Finally, the Board ruled that the “nature of league sports and the NCAA’s oversight renders individual team bargaining problematic, the way that FBS football itself is structured and the nature of the colleges and universities involved strongly suggest that asserting jurisdiction in this case would not promote stability in labor relations.”18 In support of this position the Board found that “despite the similarities between FBS football and professional sports leagues, FBS is also a markedly different type ofenterprise … [in that out of the] roughly 125 colleges and universities that participate in FBS football, all but 17 are state-run institutions.”19 More importantly for the Board, “Northwestern is the only private school that is a member of the Big Ten.”20 This is important because the Board does not have the authority to regulate public employees. Therefore, the Board reasoned, it would be unable to assert jurisdiction over the vast majority of FBS teams or Big Ten because they would not be controlled or covered under Section 2(2) of the Act. In such a situation, the Board held, asserting jurisdiction over a single school would not promote stability in labor relations. In addition, the Board found that in at least two states, Ohio and Michigan, which are home to three Big Ten universities, state statutes explicitly prohibit scholarship athletes at state schools from being classified as employees. Since the goal of labor relations is to create a uniform and fair employment system that helps promote uniformity and stability. Therefore, the Board held that since in this case it has no authority to regulate the vast majority of teams at the FBS level or even the BIG TEN, if it asserted jurisdiction it would be unable to achieve the desired effect - uniformity and stability in labor relations.21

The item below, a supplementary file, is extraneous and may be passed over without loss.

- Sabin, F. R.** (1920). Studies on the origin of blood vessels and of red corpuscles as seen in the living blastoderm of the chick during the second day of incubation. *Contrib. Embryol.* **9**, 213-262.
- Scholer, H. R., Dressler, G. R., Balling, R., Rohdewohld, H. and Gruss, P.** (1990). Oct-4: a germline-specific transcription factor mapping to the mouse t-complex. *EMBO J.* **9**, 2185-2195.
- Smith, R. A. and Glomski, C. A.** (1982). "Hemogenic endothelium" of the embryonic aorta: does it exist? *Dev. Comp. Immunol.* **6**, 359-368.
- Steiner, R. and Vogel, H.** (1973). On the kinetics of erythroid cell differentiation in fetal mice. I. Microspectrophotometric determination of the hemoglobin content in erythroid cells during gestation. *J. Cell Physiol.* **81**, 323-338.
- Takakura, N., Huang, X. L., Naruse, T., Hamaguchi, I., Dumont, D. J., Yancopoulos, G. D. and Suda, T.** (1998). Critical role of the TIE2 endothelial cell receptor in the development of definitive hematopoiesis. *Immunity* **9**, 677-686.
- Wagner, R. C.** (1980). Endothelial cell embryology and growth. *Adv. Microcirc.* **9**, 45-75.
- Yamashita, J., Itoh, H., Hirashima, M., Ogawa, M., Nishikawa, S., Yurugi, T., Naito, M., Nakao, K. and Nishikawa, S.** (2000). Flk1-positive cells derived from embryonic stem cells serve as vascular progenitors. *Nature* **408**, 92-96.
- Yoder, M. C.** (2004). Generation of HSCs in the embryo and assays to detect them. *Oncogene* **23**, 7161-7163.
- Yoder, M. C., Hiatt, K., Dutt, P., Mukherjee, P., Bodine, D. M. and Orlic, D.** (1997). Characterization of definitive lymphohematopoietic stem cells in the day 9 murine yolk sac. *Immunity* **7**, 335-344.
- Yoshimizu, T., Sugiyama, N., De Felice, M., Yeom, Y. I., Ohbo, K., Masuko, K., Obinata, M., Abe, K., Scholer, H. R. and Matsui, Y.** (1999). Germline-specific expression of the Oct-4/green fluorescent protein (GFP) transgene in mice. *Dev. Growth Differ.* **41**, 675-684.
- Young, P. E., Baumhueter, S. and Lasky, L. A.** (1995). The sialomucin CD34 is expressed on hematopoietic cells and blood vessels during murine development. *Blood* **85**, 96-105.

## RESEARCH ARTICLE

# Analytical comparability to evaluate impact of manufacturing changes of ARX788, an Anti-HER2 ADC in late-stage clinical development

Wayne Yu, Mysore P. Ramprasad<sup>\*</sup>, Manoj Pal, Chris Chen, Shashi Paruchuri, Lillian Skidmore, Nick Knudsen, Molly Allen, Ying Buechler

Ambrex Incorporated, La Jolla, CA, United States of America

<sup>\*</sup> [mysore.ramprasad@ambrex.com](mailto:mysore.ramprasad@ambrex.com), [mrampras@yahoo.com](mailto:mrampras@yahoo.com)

The Board’s decision not to answer the most important question, i.e., whether scholarship athletes are employees, was disappointing for college athletes. In hindsight, the Board’s decision is probably really not that surprising. Previously, when faced with potentially ground breaking legal issues surrounding sports, the courts in the United States have a well-documented history of passing the ball to Congress. For example, in 1922 the United States Supreme Court in Federal Baseball Club of Baltimore v. National League22 held that “the business of providing public baseball games for profit between clubs of professional baseball players in a league and between clubs of rival leagues, although necessarily involving the constantly repeated traveling of the players from one State to another, provided for, controlled and disciplined by the organizations employing them, is not interstate commerce” and therefore exempt from Federal Antitrust law. This exemption is still law, even though the Supreme Court has acknowledged the error of the 1922 decision. Both times the Supreme Court has had the opportunity to correct their error, they claimed, just as the National Labor Relations Board in the Northwestern case, that it was Congress’ responsibility to change the status quo.